Giuseppe Piazzi: the controversial discovery and loss of Ceres in 1801

Cunningham, Clifford J., Marsden, Brian G., and Orchiston, Wayne (2011) Giuseppe Piazzi: the controversial discovery and loss of Ceres in 1801. Journal for the History of Astronomy, 42 (3). pp. 283-306.

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[Extract] Theatricality was hardly the forte of Giuseppe Piazzi (1746–1826), but the Italian monk and Director of Palermo Observatory could hardly have set the stage for a better drama. Just as the nineteenth century began, he discovered the eighth planet of the solar system. He named it Ceres Ferdinandea.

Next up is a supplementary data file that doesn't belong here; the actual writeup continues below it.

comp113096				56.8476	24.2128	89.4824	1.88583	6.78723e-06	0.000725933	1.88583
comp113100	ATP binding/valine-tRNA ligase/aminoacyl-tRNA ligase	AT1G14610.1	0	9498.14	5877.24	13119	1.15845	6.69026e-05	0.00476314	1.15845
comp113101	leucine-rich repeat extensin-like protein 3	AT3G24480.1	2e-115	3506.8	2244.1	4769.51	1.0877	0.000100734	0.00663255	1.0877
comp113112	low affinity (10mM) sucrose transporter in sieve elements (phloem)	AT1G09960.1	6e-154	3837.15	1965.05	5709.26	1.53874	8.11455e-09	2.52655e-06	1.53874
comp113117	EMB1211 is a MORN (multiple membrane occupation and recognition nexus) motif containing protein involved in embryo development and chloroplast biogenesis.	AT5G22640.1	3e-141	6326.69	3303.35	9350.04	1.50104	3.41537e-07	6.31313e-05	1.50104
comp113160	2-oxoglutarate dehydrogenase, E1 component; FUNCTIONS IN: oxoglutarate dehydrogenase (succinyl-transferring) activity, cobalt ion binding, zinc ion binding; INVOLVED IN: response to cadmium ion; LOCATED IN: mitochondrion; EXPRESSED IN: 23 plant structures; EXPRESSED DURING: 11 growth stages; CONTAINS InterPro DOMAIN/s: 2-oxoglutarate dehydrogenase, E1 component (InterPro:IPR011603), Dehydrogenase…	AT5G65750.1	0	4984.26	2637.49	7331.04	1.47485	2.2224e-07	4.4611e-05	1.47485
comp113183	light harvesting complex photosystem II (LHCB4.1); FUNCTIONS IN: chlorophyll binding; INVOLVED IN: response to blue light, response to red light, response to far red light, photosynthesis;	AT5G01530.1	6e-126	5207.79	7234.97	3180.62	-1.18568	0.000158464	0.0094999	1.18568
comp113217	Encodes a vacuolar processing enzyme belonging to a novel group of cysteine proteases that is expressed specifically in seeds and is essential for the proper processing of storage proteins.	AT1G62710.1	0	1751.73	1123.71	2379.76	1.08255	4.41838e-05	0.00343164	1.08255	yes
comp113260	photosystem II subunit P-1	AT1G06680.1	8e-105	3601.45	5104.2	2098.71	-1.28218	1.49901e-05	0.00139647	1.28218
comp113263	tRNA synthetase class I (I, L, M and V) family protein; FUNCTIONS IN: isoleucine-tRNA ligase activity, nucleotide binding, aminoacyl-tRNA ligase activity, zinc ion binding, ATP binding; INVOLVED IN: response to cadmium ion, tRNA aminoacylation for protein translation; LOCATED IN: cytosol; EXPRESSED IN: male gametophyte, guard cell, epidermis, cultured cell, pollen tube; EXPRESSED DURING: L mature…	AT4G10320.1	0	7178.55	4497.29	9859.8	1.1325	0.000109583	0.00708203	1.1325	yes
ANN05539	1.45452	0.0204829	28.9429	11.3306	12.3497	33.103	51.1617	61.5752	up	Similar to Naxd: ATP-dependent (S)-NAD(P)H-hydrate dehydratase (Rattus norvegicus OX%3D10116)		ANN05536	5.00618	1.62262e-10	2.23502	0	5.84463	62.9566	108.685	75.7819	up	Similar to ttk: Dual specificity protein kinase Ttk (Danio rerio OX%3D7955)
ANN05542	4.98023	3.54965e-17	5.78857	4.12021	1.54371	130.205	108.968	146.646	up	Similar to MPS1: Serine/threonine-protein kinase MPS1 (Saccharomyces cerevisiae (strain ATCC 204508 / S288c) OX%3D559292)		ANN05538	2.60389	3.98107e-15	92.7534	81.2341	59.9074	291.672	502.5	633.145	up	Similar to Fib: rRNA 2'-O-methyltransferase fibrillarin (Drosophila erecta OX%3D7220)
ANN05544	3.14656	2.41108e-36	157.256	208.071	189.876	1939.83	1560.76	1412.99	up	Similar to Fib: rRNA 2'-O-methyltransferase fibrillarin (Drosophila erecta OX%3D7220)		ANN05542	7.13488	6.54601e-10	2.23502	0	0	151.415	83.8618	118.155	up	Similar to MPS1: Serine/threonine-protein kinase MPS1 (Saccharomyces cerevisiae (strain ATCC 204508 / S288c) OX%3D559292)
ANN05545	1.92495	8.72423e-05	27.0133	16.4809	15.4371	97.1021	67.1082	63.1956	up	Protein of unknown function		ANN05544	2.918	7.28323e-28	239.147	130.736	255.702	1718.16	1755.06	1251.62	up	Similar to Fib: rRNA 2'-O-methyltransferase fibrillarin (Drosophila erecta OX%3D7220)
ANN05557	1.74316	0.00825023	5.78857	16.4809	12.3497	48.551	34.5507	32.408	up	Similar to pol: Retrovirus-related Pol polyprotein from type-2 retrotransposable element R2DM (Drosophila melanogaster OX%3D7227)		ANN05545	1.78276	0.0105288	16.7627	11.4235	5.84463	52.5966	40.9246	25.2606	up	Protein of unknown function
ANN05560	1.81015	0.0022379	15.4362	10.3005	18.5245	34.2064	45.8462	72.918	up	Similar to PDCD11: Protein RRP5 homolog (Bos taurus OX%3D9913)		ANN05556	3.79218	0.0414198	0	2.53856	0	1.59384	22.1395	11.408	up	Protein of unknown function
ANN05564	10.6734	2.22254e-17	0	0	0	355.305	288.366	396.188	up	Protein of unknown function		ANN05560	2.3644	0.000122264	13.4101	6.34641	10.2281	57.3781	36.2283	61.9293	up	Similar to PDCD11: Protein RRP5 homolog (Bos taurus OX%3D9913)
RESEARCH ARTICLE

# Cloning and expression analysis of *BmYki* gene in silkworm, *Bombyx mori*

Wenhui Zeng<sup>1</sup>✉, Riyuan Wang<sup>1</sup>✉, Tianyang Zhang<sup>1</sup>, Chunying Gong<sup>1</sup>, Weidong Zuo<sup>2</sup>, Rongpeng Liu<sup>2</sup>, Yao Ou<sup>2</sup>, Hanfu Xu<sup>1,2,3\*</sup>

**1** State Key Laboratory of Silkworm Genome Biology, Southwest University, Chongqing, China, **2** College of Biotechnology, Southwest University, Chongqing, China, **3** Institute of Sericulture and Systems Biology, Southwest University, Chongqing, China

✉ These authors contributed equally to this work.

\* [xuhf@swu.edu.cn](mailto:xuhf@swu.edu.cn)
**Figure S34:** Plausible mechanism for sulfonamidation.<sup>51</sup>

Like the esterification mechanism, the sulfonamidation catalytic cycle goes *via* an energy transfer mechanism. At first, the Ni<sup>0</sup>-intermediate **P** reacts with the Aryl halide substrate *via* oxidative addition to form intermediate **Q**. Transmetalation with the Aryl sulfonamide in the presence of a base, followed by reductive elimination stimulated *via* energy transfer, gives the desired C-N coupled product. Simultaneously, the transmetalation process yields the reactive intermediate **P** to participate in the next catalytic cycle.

On that night of 1 January 1801, Piazzi was engrossed in updating a star catalogue by Francis Wollaston (see Section 2.1.2) which was replete with inaccuracies. The catalogue had to be checked star by star, a task Piazzi was performing with a 1.5-metre vertical circle to determine star positions. For any particular star, Piazzi could observe it for only two minutes a night as it passed the meridian. At 8:43 pm local mean time, he saw a 'star' in Taurus that was not in the catalogue.

Item ID: 18522
Item Type: Article (Research - C1)
ISSN: 1753-8556
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Date Deposited: 06 Sep 2011 06:05
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